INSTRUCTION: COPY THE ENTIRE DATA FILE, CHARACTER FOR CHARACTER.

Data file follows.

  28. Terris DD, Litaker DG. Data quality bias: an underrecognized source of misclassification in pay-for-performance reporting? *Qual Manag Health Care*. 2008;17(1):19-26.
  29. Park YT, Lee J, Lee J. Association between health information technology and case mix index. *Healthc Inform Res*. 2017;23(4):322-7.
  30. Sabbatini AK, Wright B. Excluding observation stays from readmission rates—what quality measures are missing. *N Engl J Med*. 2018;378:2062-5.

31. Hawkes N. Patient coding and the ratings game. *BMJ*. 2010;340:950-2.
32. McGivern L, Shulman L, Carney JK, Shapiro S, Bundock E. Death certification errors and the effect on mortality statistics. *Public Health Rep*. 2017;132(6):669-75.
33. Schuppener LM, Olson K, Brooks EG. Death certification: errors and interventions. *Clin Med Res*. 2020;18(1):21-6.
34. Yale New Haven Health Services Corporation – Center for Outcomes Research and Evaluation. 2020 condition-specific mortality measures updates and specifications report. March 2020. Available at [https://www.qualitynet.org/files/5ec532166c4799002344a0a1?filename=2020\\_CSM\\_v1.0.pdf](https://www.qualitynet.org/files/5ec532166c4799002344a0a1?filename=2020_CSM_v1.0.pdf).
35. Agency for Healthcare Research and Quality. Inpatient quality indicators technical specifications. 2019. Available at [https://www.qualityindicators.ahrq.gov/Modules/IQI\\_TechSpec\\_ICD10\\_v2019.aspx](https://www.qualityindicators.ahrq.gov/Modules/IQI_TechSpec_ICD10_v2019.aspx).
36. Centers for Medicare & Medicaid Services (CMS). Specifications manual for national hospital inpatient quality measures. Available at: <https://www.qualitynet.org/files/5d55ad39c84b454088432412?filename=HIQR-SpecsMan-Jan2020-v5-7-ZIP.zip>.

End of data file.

  28. Terris DD, Litaker DG. Data quality bias: an underrecognized source of misclassification in pay-for-performance reporting? *Qual Manag Health Care*. 2008;17(1):19-26.
  29. Park YT, Lee J, Lee J. Association between health information technology and case mix index. *Healthc Inform Res*. 2017;23(4):322-7.
  30. Sabbatini AK, Wright B. Excluding observation stays from readmission rates—what quality measures are missing. *N Engl J Med*. 2018;378:2062-5.

31. Hawkes N. Patient coding and the ratings game. *BMJ*. 2010;340:950-2.
32. McGivern L, Shulman L, Carney JK, Shapiro S, Bundock E. Death certification errors and the effect on mortality statistics. *Public Health Rep*. 2017;132(6):669-75.
33. Schuppener LM, Olson K, Brooks EG. Death certification: errors and interventions. *Clin Med Res*. 2020;18(1):21-6.
34. Yale New Haven Health Services Corporation – Center for Outcomes Research and Evaluation. 2020 condition-specific mortality measures updates and specifications report. March 2020. Available at [https://www.qualitynet.org/files/5ec532166c4799002344a0a1?filename=2020\\_CSM\\_v1.0.pdf](https://www.qualitynet.org/files/5ec532166c4799002344a0a1?filename=2020_CSM_v1.0.pdf).
35. Agency for Healthcare Research and Quality. Inpatient quality indicators technical specifications. 2019. Available at [https://www.qualityindicators.ahrq.gov/Modules/IQI\\_TechSpec\\_ICD10\\_v2019.aspx](https://www.qualityindicators.ahrq.gov/Modules/IQI_TechSpec_ICD10_v2019.aspx).
36. Centers for Medicare & Medicaid Services (CMS). Specifications manual for national hospital inpatient quality measures. Available at: <https://www.qualitynet.org/files/5d55ad39c84b454088432412?filename=HIQR-SpecsMan-Jan2020-v5-7-ZIP.zip>.